Eating Animals by Jonathan Safran Foer, in which he tries to determine whether he will feed his newborn son meat by researching industrial animal production and exploring more traditional, healthier methods.

    The Unwritten, Mike Carey’s graphic novel series that is reminiscent of The Sandman and Fables, but follows a more Harry Potter-like character.

  10. Cathy Says:

    The Help, by Kathryn Stockett
    Although our library has had a long waiting list on this all year, I’ve recommended it over and over. The characters are so well drawn, the story is so compelling. Stockett really captures the time and the place–it puts you right in the middle of 1960’s Mississippi.

    Any of the Inspector Gamache series, by Louise Penny
    Many of the staff at my library are crazy for this series. Penny has created such wonderful characters and her mysteries are very complex. The town of Three Pines reminds many of Mitford in the Jan Karon novels.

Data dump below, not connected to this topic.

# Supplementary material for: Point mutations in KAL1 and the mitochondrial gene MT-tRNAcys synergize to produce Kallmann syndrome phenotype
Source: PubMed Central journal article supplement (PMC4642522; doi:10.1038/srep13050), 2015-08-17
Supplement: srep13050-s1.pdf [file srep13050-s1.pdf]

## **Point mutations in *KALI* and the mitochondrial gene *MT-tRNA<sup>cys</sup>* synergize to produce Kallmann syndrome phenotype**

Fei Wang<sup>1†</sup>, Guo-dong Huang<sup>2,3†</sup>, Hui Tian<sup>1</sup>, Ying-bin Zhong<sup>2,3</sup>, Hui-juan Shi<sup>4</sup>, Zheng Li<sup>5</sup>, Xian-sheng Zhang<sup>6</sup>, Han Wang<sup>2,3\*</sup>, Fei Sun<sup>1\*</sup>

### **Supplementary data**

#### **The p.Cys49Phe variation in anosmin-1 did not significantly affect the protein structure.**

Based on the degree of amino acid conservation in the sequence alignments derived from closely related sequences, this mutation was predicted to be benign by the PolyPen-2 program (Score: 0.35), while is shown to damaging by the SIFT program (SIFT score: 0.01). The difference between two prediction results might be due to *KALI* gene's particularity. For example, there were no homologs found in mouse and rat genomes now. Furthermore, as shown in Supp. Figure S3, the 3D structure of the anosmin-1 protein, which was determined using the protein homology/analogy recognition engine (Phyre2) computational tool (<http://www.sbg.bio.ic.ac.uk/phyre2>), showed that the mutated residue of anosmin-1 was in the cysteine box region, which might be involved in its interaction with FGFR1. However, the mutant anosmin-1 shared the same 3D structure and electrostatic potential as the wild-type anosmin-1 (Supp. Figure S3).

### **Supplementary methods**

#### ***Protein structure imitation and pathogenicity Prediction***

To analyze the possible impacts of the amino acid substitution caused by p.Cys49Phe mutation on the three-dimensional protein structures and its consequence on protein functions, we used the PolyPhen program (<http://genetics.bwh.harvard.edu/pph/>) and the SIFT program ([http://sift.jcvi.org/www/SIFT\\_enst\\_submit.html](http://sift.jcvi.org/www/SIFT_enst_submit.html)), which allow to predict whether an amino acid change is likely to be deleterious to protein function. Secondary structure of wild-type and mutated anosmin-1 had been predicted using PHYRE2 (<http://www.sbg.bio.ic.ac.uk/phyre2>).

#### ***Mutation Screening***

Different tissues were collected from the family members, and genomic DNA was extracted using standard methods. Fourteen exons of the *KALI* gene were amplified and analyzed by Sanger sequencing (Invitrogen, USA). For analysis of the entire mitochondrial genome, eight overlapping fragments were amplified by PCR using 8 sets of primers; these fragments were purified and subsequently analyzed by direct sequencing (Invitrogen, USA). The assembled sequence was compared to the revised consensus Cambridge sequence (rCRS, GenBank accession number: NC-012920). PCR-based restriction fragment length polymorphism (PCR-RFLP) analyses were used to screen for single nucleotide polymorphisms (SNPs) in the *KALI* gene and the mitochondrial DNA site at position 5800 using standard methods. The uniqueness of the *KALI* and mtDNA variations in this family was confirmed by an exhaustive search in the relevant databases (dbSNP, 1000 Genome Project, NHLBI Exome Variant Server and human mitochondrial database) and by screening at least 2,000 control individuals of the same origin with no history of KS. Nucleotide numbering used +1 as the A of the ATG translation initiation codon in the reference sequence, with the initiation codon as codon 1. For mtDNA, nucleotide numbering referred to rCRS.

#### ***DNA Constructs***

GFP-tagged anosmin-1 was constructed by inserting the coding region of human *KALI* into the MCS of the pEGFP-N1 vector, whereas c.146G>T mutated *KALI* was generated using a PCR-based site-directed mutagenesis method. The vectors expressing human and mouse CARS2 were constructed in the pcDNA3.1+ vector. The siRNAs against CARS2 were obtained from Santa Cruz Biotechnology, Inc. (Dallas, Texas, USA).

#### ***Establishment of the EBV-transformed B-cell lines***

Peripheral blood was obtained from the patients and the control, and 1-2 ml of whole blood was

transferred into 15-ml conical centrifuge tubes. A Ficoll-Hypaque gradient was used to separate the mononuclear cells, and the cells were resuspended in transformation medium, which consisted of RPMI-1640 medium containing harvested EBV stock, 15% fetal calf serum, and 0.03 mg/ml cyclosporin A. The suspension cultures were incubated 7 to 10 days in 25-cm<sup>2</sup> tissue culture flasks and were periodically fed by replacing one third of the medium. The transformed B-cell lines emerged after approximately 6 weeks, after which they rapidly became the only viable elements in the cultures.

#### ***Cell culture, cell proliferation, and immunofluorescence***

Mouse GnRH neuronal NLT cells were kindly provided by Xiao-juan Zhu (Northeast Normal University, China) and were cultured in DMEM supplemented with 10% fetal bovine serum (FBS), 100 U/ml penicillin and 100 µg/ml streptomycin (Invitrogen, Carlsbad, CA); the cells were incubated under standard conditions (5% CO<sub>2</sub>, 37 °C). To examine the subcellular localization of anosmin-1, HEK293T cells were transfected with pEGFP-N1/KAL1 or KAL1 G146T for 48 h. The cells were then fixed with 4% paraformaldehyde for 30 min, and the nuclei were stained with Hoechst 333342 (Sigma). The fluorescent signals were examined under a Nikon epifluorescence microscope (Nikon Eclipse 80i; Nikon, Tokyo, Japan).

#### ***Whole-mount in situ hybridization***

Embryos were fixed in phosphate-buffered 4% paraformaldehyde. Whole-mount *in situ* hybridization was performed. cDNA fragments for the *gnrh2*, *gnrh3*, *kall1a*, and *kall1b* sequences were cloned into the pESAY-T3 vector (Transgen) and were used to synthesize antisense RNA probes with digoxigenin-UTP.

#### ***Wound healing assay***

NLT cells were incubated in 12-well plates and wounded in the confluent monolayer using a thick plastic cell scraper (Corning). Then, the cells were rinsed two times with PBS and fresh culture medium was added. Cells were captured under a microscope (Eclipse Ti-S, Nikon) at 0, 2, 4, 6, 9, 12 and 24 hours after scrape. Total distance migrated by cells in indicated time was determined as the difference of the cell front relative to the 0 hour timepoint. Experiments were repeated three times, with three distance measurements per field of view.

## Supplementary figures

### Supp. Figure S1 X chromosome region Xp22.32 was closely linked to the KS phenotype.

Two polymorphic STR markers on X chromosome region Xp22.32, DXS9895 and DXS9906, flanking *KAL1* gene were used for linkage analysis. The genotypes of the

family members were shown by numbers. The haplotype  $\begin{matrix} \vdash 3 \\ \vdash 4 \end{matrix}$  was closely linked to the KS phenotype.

11. Jane Carle Says:

    My favorite RA titles for 2010 are:

    The Mockingjay trilogy by Suzanne Collins — either book or audio. I recommend this to teens and adults — great ‘edge of your seat’ material.

    The Help by Kathryn Stockett. Love the characterization.

    Steig Larsson’s trilogy for characters, suspense, location.

  12. Robin B Says:

    I loved all of the following books and have been recommending them (or the series if title is part of one) ever since they were published (and even before since I read some as advance reading copies–it’s hard to wait!).

    Irresistible Henry House by Lisa Grunwald, for the intriguing plot and wonderful fully developed characters.

    Stiltsville by Susanna Daniel, for the wonderful and real story of a long marriage. I had tears running down my face at the end but loved the book and have been recommending it over and over.

    Happiness Key and Fortunate Harbor by Emilie Richards. This author has become a favorite of library patrons and both of these books are breezy fun reads.

    Lean on Pete by Willy Vlautin, for the amazing writing that conveys a multitude of emotions in spare prose (and the author is a cutie-pie to boot).